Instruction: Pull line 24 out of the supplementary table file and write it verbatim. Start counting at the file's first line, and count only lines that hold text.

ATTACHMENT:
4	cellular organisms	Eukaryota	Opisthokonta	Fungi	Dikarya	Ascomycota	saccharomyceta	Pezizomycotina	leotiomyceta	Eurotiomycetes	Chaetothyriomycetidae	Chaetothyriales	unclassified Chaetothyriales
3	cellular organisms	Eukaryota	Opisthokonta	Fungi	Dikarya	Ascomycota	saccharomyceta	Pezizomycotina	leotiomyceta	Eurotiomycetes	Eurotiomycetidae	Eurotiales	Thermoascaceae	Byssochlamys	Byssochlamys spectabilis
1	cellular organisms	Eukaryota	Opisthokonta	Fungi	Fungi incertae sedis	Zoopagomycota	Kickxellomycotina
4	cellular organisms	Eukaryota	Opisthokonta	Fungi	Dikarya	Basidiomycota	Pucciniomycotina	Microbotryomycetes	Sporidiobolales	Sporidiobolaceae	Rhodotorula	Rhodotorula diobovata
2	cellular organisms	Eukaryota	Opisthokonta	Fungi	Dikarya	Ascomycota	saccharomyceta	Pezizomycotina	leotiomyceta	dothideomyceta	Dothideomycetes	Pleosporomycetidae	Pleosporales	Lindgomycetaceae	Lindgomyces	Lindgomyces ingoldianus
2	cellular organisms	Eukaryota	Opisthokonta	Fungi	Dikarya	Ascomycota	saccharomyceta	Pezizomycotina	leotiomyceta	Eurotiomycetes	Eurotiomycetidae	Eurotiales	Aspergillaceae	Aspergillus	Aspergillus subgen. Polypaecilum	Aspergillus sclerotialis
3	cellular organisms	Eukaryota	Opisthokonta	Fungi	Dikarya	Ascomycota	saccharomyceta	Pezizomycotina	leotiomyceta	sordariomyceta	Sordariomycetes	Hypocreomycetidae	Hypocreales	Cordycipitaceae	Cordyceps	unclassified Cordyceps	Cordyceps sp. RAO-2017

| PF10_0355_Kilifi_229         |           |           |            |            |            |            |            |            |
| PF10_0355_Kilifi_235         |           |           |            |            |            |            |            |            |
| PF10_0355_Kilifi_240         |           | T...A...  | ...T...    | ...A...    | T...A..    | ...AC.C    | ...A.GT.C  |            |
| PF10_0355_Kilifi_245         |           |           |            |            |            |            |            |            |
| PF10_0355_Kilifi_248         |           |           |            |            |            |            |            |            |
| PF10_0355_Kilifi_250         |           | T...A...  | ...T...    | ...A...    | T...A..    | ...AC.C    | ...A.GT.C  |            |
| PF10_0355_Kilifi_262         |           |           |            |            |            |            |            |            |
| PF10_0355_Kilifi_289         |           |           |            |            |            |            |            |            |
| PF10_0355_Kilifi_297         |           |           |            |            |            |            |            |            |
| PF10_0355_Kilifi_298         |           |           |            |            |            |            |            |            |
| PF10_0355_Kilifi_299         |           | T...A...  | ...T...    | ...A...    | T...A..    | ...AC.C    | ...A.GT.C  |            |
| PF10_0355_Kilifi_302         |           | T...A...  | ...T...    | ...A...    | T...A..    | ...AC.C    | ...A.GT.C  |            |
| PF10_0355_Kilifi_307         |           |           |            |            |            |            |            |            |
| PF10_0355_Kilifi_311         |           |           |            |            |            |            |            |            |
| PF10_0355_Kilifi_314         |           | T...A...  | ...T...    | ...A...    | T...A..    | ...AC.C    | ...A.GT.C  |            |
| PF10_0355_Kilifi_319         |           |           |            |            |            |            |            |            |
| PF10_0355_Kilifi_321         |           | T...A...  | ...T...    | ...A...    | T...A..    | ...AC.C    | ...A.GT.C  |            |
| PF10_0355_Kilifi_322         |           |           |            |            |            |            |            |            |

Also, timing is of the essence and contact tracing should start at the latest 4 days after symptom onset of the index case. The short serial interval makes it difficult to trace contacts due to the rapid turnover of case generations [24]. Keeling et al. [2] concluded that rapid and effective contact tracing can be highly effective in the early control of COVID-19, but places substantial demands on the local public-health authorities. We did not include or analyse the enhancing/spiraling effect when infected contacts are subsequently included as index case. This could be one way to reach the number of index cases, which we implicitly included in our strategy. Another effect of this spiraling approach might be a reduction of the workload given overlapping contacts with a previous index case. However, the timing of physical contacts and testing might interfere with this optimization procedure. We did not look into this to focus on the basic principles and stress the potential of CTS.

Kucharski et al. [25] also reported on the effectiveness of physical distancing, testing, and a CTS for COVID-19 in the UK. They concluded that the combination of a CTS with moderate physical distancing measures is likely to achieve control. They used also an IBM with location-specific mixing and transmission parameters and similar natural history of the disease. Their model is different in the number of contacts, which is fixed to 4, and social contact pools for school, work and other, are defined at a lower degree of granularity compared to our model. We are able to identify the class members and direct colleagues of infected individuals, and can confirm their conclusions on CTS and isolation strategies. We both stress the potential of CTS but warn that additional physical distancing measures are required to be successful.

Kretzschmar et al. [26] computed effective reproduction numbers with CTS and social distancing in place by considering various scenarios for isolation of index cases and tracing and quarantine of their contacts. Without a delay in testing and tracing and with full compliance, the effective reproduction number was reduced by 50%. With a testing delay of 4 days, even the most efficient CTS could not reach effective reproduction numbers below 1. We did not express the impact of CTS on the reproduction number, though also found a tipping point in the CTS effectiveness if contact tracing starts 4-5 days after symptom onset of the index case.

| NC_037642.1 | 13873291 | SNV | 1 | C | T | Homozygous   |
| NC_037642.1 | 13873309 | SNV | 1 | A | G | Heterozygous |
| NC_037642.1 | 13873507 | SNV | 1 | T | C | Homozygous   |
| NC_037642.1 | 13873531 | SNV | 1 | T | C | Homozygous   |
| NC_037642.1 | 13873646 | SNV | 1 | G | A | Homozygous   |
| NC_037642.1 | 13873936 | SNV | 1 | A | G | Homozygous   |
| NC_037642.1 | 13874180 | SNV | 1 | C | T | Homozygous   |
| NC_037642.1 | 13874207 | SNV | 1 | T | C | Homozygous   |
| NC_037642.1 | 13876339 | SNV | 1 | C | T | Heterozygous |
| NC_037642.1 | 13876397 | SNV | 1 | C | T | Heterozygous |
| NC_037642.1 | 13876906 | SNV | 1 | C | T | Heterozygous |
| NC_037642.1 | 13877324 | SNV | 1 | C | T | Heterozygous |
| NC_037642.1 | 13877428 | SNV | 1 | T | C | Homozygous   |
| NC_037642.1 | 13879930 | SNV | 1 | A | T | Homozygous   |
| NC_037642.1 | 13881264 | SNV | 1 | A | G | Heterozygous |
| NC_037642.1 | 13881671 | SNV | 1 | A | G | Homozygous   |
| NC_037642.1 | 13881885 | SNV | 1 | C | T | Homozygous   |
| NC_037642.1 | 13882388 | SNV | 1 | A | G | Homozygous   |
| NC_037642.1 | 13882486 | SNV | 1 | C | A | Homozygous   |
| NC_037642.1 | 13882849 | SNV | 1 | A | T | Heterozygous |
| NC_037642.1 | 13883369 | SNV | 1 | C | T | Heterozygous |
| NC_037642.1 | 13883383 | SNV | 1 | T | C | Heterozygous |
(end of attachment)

| PF10_0355_Kilifi_321         |           | T...A...  | ...T...    | ...A...    | T...A..    | ...AC.C    | ...A.GT.C  |            |